Putting risk on a budget

Investment risk is one of those things that’s not very easy to describe—no less budget for. This may well be keeping investors from making the most productive use of their assets.

Indeed, findings from BlackRock’s Global Investor Pulse survey reveal that one-third of advised U.S. respondents feel certain they would invest more if they had a better understanding of the risk levels in their portfolios. Another third would possibly invest more with a better understanding of these risks.

Our work with financial advisors reveals that defining and keeping risk on a budget isn’t easy. We generally see two different approaches to portfolio construction aimed at improving the experience of the markets: 1) Achieve a return similar to your benchmark but with less total risk, or 2) generate a higher return than the benchmark, but at the same risk level. Refer to the chart below. Of the first set, only 35% of the portfolios we surveyed met the stated risk goal; in the second set, 53% met their risk target.

Investors are not intentionally building portfolios that miss their risk benchmarks. Many of the products used in building portfolios today have simply become more volatile than the market itself.

Consider that, 10 and 20 years ago, less than half of broad equity funds were riskier than the S&P 500 Index of large-cap U.S. stocks, according to data from Morningstar. Today, the number is 75%—markedly higher than the historical precedent.
Rationalizing risk
What’s an investor to do in this environment? We recommend keeping a few things in mind as you seek to understand and budget risk:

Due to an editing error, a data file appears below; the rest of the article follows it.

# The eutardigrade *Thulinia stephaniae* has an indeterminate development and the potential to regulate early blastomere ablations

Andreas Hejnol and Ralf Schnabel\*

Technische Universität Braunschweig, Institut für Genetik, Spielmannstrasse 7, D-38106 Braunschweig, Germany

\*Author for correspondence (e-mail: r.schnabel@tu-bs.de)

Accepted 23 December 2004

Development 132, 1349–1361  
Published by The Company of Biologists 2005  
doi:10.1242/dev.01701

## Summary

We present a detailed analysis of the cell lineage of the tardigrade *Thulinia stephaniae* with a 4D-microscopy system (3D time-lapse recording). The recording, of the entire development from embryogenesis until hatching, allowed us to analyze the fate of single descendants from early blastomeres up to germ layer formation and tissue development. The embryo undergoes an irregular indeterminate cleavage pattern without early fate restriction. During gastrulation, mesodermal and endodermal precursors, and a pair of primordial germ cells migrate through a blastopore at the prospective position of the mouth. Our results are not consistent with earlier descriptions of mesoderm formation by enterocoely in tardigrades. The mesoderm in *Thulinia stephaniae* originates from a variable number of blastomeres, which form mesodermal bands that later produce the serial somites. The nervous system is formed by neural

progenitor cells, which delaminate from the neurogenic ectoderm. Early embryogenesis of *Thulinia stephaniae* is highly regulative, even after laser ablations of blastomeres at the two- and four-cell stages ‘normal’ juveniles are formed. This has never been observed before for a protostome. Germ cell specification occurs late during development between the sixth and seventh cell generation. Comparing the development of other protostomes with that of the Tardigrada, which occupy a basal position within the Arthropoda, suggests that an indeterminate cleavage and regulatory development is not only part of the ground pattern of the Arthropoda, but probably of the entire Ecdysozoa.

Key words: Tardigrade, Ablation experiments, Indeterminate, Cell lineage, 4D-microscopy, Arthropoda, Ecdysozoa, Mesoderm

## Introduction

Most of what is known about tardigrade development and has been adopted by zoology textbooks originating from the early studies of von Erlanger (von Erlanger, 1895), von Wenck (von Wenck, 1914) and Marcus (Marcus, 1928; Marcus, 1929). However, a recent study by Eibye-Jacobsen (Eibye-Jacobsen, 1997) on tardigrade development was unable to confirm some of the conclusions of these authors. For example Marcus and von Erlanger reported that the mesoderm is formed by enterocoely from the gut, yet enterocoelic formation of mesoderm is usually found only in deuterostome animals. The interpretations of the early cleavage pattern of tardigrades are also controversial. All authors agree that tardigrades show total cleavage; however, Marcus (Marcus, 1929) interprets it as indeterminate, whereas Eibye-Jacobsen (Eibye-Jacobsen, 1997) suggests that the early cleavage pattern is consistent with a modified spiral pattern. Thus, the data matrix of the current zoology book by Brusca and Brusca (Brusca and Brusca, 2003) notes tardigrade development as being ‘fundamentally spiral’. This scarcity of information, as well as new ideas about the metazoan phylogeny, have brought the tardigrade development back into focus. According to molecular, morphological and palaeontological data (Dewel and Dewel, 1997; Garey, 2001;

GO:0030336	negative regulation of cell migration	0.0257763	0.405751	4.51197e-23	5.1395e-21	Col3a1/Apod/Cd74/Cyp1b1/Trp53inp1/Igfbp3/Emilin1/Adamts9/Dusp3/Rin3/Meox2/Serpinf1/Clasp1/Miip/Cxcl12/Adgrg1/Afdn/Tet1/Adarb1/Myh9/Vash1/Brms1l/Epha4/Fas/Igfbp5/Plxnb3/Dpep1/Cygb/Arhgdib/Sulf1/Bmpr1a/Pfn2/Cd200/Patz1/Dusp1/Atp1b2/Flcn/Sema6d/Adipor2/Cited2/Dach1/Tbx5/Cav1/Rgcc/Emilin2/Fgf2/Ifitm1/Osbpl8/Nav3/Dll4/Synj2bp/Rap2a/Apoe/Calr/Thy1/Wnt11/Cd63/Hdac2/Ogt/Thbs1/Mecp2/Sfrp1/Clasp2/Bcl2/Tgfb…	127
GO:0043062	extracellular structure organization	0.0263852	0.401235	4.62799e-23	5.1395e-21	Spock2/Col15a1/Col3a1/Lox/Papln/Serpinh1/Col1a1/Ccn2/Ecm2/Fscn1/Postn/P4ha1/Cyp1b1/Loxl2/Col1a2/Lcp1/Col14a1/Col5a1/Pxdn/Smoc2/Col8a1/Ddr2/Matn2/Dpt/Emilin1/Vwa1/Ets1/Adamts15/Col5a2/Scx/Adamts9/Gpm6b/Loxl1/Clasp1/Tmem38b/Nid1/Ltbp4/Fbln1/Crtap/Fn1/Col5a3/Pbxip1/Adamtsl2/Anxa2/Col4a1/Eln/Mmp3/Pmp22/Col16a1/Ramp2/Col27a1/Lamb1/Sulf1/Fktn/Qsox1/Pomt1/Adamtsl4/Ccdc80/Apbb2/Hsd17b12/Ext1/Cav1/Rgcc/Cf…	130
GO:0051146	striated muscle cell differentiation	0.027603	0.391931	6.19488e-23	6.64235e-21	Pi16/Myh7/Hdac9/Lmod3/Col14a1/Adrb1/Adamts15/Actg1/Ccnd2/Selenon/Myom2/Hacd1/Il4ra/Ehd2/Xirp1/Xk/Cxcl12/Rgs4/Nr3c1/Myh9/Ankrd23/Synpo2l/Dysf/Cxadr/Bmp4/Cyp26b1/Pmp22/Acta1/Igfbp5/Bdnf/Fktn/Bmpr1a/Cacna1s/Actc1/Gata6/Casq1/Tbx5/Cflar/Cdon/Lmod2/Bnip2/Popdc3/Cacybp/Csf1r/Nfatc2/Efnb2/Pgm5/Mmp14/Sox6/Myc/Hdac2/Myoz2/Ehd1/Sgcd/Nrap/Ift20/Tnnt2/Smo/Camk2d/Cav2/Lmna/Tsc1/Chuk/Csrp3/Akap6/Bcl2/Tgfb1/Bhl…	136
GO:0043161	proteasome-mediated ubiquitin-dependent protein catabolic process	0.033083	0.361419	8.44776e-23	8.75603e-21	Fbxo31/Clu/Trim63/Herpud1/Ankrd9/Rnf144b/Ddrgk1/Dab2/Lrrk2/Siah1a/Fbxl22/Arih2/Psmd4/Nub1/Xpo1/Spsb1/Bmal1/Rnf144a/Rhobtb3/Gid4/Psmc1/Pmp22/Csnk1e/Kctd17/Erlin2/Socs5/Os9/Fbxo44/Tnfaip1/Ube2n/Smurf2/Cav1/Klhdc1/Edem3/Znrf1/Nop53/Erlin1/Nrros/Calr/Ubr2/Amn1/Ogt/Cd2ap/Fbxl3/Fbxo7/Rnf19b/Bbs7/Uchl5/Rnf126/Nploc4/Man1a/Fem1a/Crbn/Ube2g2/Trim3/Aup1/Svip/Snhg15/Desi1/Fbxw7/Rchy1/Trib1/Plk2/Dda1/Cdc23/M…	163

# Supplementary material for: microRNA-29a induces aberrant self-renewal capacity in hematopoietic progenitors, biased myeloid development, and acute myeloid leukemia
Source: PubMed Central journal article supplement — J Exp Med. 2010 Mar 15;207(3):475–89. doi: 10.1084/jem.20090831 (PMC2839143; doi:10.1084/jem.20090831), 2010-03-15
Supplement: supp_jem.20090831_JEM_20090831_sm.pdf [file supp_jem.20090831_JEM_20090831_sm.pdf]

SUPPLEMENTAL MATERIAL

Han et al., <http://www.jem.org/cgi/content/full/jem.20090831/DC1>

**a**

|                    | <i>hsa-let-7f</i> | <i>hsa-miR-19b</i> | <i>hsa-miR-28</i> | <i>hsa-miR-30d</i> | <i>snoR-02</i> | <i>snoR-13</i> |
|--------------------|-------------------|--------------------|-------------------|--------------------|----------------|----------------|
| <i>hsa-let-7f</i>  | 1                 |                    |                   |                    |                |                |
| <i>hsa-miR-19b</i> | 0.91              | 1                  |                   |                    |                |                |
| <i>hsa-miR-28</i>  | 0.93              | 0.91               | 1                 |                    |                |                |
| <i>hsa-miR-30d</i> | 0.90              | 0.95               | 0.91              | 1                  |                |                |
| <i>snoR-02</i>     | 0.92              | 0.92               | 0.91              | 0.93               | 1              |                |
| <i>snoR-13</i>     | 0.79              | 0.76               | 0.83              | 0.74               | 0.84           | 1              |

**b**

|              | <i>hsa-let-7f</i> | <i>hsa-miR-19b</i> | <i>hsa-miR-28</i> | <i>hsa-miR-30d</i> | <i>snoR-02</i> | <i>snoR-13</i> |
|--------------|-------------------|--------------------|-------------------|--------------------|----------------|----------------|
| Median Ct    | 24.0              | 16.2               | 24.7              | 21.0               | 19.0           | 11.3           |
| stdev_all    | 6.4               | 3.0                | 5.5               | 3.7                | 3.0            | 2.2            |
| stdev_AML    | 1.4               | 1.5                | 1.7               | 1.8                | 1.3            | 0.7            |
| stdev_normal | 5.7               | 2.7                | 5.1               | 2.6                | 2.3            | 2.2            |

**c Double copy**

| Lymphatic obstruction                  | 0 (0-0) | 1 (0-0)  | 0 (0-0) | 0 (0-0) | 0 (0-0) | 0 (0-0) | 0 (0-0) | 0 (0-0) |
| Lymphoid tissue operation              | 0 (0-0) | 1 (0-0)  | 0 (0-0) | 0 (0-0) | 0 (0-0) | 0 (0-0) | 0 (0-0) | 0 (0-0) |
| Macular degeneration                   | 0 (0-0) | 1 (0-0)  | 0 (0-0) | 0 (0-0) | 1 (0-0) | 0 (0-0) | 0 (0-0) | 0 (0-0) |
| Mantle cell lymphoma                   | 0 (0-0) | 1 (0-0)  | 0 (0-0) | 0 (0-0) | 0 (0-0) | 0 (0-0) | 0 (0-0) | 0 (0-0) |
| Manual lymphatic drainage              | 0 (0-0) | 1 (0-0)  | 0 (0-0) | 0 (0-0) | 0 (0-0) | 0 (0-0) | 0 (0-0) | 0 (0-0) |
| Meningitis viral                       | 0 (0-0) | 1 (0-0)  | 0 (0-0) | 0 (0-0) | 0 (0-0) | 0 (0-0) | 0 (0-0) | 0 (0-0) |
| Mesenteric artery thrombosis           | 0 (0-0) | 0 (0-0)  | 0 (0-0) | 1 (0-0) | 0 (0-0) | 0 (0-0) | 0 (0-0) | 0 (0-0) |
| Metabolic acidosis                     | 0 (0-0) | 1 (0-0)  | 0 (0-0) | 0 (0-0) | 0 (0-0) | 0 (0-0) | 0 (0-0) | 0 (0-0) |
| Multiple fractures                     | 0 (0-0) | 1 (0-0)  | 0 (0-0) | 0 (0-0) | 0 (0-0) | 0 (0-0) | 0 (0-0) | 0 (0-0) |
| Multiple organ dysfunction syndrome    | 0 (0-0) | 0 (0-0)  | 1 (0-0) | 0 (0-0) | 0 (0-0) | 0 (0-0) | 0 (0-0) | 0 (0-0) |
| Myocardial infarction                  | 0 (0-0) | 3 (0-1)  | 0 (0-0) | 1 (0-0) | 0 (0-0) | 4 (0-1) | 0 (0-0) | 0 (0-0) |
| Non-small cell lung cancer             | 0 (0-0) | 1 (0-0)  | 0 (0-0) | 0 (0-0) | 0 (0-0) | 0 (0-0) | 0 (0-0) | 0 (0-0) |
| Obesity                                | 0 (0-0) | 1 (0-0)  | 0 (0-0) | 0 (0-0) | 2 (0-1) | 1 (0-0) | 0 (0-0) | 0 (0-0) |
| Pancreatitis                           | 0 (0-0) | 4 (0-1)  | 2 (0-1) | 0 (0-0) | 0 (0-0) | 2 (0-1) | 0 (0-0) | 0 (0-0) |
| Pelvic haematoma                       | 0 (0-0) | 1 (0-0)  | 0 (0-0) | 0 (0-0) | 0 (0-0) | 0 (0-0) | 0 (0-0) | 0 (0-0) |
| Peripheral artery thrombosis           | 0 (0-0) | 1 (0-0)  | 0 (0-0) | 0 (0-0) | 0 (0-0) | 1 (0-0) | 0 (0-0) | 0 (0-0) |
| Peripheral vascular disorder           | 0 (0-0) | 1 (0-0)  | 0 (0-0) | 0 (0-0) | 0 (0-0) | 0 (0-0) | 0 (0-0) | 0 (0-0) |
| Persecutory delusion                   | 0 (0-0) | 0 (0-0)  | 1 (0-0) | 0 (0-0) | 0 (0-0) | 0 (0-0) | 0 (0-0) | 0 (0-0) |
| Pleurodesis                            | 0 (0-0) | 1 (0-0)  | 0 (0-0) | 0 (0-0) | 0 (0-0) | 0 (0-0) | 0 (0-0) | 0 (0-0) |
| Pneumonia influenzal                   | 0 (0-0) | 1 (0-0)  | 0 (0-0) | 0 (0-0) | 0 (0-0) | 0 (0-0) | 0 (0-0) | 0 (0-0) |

Keep it real

The framing of risk can make all the difference. Consider that a $100,000 investment in an asset with an annualized level of volatility of 10% could easily undergo a drawdown of $10,000 in any given year. The question isn’t whether 10% volatility feels OK to you. It’s: “Can I bear a loss of $10,000 in value at any moment in time?” If the answer is no, you likely need to consider more conservative options or balancing that asset with a less volatile investment.

Diversify risks, not just asset classes

Just because we call a security a stock or a bond doesn’t mean it will always act like one. Case in point: High-yielding stocks can sometimes serve as bond proxies, and lose value when rates rise. It’s important to look beyond the labels to understand the risk drivers behind each asset you’re choosing. The goal, for example, is to understand the amount of equity risk you have—not simply the amount of equities you own. Only then can you truly diversify your portfolio.

Don’t assume recent history will repeat

Measuring the risk associated with past returns will not always paint a complete and accurate picture. The S&P 500 Index has demonstrated annual volatility below 11% in four of the past five years. The historical norm observed over the prior four decades was 15%. So which is right? There are no crystal balls in investing, but working with an experienced advisor and an investment manager with expertise in the strategy you’re pursuing can bestow valuable perspective.

Know the risks you’re taking

And the more risks you understand, the better. BlackRock has identified over 2,200 unique risk factors, and has a powerful system to measure any given portfolio’s sensitivities to different types of stress scenarios. Our risk-management technology analyzes the ongoing relationships between millions of tradable securities around the globe, giving our investors access to a vast amount of risk intelligence.

Contemplating risk on these dimensions can help ensure the risks you’re taking are deliberate, diversified and appropriately scaled. And putting your portfolio on a risk budget can not only help you stay away from danger zones along the journey toward your long-term investing goals, but can also help you to better navigate the emotions that go along with investing—no matter how you define “risk.”

Patrick Nolan is the Portfolio Strategist within BlackRock’s Portfolio Solutions group. He is a regular contributor to The Blog.

The views and opinions expressed herein are the views and opinions of the author and do not necessarily reflect those of Nasdaq, Inc.

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